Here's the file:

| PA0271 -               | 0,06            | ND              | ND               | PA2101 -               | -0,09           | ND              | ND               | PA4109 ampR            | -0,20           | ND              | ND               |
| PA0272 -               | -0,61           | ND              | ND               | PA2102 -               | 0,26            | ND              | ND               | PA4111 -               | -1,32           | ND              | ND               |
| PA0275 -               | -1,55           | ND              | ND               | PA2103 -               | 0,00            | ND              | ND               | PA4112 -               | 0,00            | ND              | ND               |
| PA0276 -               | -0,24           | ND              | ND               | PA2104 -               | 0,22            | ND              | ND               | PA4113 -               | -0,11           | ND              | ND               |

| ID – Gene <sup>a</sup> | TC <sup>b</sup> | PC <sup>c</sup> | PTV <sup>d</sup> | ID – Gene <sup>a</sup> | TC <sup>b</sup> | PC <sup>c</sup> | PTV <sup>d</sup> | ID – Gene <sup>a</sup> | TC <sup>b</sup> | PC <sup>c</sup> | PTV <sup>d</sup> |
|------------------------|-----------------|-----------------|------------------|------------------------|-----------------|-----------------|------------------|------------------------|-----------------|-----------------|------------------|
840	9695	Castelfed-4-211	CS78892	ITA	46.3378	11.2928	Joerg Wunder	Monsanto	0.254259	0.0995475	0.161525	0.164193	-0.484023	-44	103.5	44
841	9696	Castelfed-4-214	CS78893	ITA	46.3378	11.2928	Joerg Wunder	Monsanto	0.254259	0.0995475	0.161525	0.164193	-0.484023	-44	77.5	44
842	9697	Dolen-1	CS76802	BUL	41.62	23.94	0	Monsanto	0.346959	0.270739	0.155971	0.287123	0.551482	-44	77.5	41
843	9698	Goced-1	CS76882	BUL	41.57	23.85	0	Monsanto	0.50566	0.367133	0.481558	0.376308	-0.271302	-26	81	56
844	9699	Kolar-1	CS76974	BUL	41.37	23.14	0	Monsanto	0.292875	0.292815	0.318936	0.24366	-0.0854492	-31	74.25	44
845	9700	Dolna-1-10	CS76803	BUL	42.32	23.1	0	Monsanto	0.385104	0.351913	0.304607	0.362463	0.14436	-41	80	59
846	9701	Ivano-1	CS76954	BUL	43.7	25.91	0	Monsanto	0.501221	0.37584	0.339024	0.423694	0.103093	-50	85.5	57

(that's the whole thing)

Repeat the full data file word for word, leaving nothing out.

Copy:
| PA0271 -               | 0,06            | ND              | ND               | PA2101 -               | -0,09           | ND              | ND               | PA4109 ampR            | -0,20           | ND              | ND               |
| PA0272 -               | -0,61           | ND              | ND               | PA2102 -               | 0,26            | ND              | ND               | PA4111 -               | -1,32           | ND              | ND               |
| PA0275 -               | -1,55           | ND              | ND               | PA2103 -               | 0,00            | ND              | ND               | PA4112 -               | 0,00            | ND              | ND               |
| PA0276 -               | -0,24           | ND              | ND               | PA2104 -               | 0,22            | ND              | ND               | PA4113 -               | -0,11           | ND              | ND               |

| ID – Gene <sup>a</sup> | TC <sup>b</sup> | PC <sup>c</sup> | PTV <sup>d</sup> | ID – Gene <sup>a</sup> | TC <sup>b</sup> | PC <sup>c</sup> | PTV <sup>d</sup> | ID – Gene <sup>a</sup> | TC <sup>b</sup> | PC <sup>c</sup> | PTV <sup>d</sup> |
|------------------------|-----------------|-----------------|------------------|------------------------|-----------------|-----------------|------------------|------------------------|-----------------|-----------------|------------------|
840	9695	Castelfed-4-211	CS78892	ITA	46.3378	11.2928	Joerg Wunder	Monsanto	0.254259	0.0995475	0.161525	0.164193	-0.484023	-44	103.5	44
841	9696	Castelfed-4-214	CS78893	ITA	46.3378	11.2928	Joerg Wunder	Monsanto	0.254259	0.0995475	0.161525	0.164193	-0.484023	-44	77.5	44
842	9697	Dolen-1	CS76802	BUL	41.62	23.94	0	Monsanto	0.346959	0.270739	0.155971	0.287123	0.551482	-44	77.5	41
843	9698	Goced-1	CS76882	BUL	41.57	23.85	0	Monsanto	0.50566	0.367133	0.481558	0.376308	-0.271302	-26	81	56
844	9699	Kolar-1	CS76974	BUL	41.37	23.14	0	Monsanto	0.292875	0.292815	0.318936	0.24366	-0.0854492	-31	74.25	44
845	9700	Dolna-1-10	CS76803	BUL	42.32	23.1	0	Monsanto	0.385104	0.351913	0.304607	0.362463	0.14436	-41	80	59
846	9701	Ivano-1	CS76954	BUL	43.7	25.91	0	Monsanto	0.501221	0.37584	0.339024	0.423694	0.103093	-50	85.5	57